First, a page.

The artist maintained an humble attitude vis-à-vis her artworks and her public. She considered that the most important when one sees a sculpture is that “there is an emotion which surges from it” and that “a dialogue” is established between the person who watches and the object being watched.[6] “Passersby at exhibitions and art fairs often approached VAL who, while answering their questions, was listening to their comments with the humility of a great artist hiding humbly behind her creations. She was listening and learning from all”, wrote Philippe Staib, founder of the Philippe Staib Gallery.[11] An avid reader fascinated by literature – she particularly liked the writings of François Cheng -, VAL had the rare ability to perfectly express herself through the words in her writings and through the forms in her art works. One was especially struck by her sincerity, her goodness and her deep humanity: attentive to everyone, very affective, she always tried to establish a dialogue, to create a meaningful exchange with her interlocutors.

After almost ten years of success and an enormous artistic production, VAL felt the need to renew her inspiration. She would first venture into a new path by launching a project which was both original and eco-friendly: installing bronze sculptures on the sea bed near the island of Koh Tao in southern Thailand. The idea came from a desire of a new artistic experience as well as from a motivation to contribute to protecting the environment. Installing three large bronze characters leaning on concrete walls would allow bits of broken corals, ripped away accidentally by divers or by natural incidents, to grow again, as they need to be fixed on some spot off the ground to be able to develop. The NGO New Heaven Conservation Program, specialized in the protection of the sea bed, took care of the ecological side of the project.

In parallel, VAL wished to explore a new dimension of the interaction between her creations and nature with this outstanding public installation. “I love the interaction of nature with sculpture. With this project, nature and sculpture will be even more intermingled, because the corals will themselves become the sculpture”, said VAL in an interview.[12] The project was a logistical challenge: the sculpture and their concrete base were weighing each over two tons. Moreover, the undersea currents forced the team to use a system of rails to stabilize the bronze characters once they were installed with the help of a crane on the sea bed at a depth of 12 meters. But the project finished in March 2016 was a success, and, as soon as the sculptures were installed, fishes and plankton adopted them immediately.[13]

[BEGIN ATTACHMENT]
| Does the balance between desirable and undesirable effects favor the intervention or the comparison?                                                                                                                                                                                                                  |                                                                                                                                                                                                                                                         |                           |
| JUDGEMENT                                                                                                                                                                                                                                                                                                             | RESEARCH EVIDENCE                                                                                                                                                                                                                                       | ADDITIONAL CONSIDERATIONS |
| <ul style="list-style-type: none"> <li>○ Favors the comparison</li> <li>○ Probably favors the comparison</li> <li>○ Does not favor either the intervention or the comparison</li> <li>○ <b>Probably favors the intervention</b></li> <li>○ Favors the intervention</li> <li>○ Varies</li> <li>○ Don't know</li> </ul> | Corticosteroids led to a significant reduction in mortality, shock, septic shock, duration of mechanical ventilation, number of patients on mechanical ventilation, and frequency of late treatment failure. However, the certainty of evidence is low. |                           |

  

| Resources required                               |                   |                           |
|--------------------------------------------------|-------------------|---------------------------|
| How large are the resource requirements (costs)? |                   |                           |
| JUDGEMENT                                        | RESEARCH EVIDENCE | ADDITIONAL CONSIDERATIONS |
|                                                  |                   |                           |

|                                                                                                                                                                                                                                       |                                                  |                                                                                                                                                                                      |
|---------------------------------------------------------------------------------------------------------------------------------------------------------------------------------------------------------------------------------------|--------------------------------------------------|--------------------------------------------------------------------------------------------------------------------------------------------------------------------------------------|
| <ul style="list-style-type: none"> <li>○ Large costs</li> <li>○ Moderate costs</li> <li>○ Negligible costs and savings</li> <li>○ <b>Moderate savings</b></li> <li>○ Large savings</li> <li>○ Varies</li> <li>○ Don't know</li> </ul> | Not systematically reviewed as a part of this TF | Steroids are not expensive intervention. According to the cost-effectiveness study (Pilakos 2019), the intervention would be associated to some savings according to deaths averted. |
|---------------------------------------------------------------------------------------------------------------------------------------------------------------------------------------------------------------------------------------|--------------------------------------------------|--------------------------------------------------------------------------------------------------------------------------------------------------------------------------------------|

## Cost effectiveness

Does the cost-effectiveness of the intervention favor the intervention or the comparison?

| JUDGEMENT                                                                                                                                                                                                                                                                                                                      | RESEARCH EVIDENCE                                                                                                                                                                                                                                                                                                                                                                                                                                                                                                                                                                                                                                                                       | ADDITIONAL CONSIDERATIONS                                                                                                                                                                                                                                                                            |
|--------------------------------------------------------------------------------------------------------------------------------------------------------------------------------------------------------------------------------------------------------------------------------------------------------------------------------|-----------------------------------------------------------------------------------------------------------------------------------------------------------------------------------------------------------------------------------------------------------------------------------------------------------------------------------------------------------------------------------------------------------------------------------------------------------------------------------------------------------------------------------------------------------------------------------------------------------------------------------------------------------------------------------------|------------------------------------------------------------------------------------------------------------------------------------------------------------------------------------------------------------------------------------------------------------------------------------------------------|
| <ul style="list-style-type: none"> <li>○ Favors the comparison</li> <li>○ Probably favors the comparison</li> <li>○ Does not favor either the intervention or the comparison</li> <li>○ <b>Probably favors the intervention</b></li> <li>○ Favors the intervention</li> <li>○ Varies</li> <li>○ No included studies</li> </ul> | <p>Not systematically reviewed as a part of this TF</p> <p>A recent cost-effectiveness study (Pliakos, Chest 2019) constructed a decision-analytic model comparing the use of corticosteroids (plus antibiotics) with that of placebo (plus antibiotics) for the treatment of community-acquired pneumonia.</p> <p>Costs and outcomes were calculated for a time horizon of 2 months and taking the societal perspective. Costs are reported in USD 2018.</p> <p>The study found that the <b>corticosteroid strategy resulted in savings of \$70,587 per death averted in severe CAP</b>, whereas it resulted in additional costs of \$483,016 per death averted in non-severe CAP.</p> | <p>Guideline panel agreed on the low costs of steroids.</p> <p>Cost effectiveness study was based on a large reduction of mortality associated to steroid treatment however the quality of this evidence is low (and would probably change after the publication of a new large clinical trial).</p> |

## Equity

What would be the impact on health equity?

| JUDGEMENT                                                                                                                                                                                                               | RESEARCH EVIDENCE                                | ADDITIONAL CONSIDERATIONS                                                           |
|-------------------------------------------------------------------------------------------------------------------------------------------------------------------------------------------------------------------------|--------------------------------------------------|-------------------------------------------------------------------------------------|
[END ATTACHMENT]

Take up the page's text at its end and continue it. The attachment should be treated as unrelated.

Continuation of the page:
The second path walked down by VAL to diversify her artistic approach was to integrate a new medium to produce her artworks. After some research, she opted for the glass of Murano, produced since the end of the 13th century by the venerable master-blowers on this Italian island located in the lagoon of Venice. During several months, VAL worked with these master-blowers in their workshop on the island. She submitted her drawings to them and intervened during the process when bronze elements were inserted into the glass being molded or when potassium powder was being injected. For the artist, it was a new approach: contrary to bronze sculptures, which are produced in a foundry on the basis of wax molds, the glass doesn't allow any mistake. The fabrication process of the glass, brought to a heat of 1,400 degrees, only lasts a few seconds. During the process, VAL intervened sometimes to change the initial idea, based on the inspiration of the moment. “It is a mix between intuition and rigor”, she said.

Once in Thailand, the pieces were reworked through the addition of new elements, allowing to finish the artwork. The combination of bronze and glass opened the way to play with shades and light, with voids and reflections, bringing a new dimension to the artist's work. Glass was the tenth material used by VAL since her first experiences with clay. VAL's death, on 27 October 2016, occurred during the preparation of the exhibition of her works of bronze and glass. The exhibition opened at the Red Sea Gallery in Singapore on 11 November 2016. VAL had wanted to name this exhibition The Tenth Eonian Initiative – an anagram for The Venetian Initiation.

The last major work of VAL was the most monumental and maybe the most accomplished. It is a masterpiece, 36 meters long and 4 meters 50 high, realized for a Taiwanese art collector and which was installed in 2017 in front of his residence on a hill overlooking the city of Taichung. This artwork is named Du chaos à la sagesse (From Chaos to Wisdom) and represents a sort of philosophical journey through which men are going during their life. “It starts with a scene which is relatively chaotic, with sculptures which seem on the verge of falling down, characters who are under these and fear that the sky falls on their head. And then, there is a journey from going through the challenge to adopting an attitude of self-reflection”, VAL explained in an interview in April 2016.[14] The majesty of this initiation journey, the installation of the artwork in a superb location and the depth of the topic make it an exceptional artwork.